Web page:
The plans are unexceptionable. Implemented, they would certainly increase investment expenditure in the short run and remove supply constraints in the long run. However, there is no mention of where the extra money will come from, no deadline for the completion of the projects. As usual, declaration of intent is regarded as a substitute for action.

Too many of the plans are no more than paper targets—awarding of contracts and finalizing of projects rather than real achievements. It is common knowledge what the true bottlenecks for new facilities are: land acquisition and environmental clearances. Both processes are political hot potatoes and are currently entangled in red tape. The land acquisition law continues to be debated.

The environment ministry is at war with the ministry of road transport and highways and, in fact, with practically most of the key infrastructure ministries. Many suspect that it is bringing back the hated licence-permit raj through the backdoor. Yet, the environment minister and the environment secretary did not attend the meeting. “Collective ownership” over infrastructure targets apparently does not include the ministry of environment and forests. Why?

The prime minister rightly said that growth had run into “turbulent weather” and would require a booster dose of massive investment in infrastructure. “Turbulent weather”, alas, could also be a great metaphor for evading responsibility, blaming Europe for the government’s red tape, regulatory dithering and the failure to provide a consistent policy environment. Even as the PM spoke of 9500 km of highways to be constructed and 4300 km to be maintained, the National Highways Authority of India does not have a head. Railways minister Mukul Roy conveyed his commitment by skipping the PM’s meet altogether. His Great Leader wants about Rs. 25,000 crore; otherwise she won’t say yes to anything.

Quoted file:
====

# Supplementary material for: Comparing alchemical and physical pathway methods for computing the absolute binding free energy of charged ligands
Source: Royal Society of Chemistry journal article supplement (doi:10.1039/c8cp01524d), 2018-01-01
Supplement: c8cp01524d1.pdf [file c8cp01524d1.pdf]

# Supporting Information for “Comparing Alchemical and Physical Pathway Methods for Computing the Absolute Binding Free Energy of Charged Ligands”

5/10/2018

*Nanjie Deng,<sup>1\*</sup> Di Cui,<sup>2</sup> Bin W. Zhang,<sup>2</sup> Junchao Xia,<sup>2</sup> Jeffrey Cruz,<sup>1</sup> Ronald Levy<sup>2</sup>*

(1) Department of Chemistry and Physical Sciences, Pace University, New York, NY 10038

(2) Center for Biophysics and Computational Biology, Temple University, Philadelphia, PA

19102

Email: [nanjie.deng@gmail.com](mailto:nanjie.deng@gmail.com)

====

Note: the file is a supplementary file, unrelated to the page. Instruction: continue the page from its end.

The prime minister realizes the problem of coordination between parts of the government. Verily, that may be defined as the central crisis of the UPA. Its ministries work at cross-purposes. The coal and power ministries, for instance, are sparring over fuel supply agreements. “I would expect,” he said, that ministries would “very expeditiously resolve any inter-ministerial differences or turf battles that may arise as we move forward.” This is optimism gone overboard. Quite often, the ministries have been set against each other—and Dr Singh has not stepped in to resolve the tussle. Instead of expecting his ministers to resolve their differences, he should have warned them that the PMO would resolve the issue for them, and not necessarily to the liking of either side.

As regards exports, Commerce minister Anand Sharma has set an export target of $500 billion by 2013-14, assuming that the Indian exports that rose 21 per cent in the last fiscal to reach $304 billion will do better. Of the seven key measures the minister announced, two stand out. The duty-free scrips issued against exports can now be used for payment of excise duty on domestically sourced inputs. Currently, these scrips can only be used to pay duties on imported capital goods and raw materials. The new measure will provide a level playing field to local vendors vis-à-vis foreign suppliers of inputs. In another measure, interest subsidy for exporters has been extended by a year. No one will cavil at that either. While these measures, coming on top of rupee’s depreciation, are good for exporters’ bottom line, they provide no reason why trade will rise.

The author is Executive Editor, Corporate India, and lives in Mumbai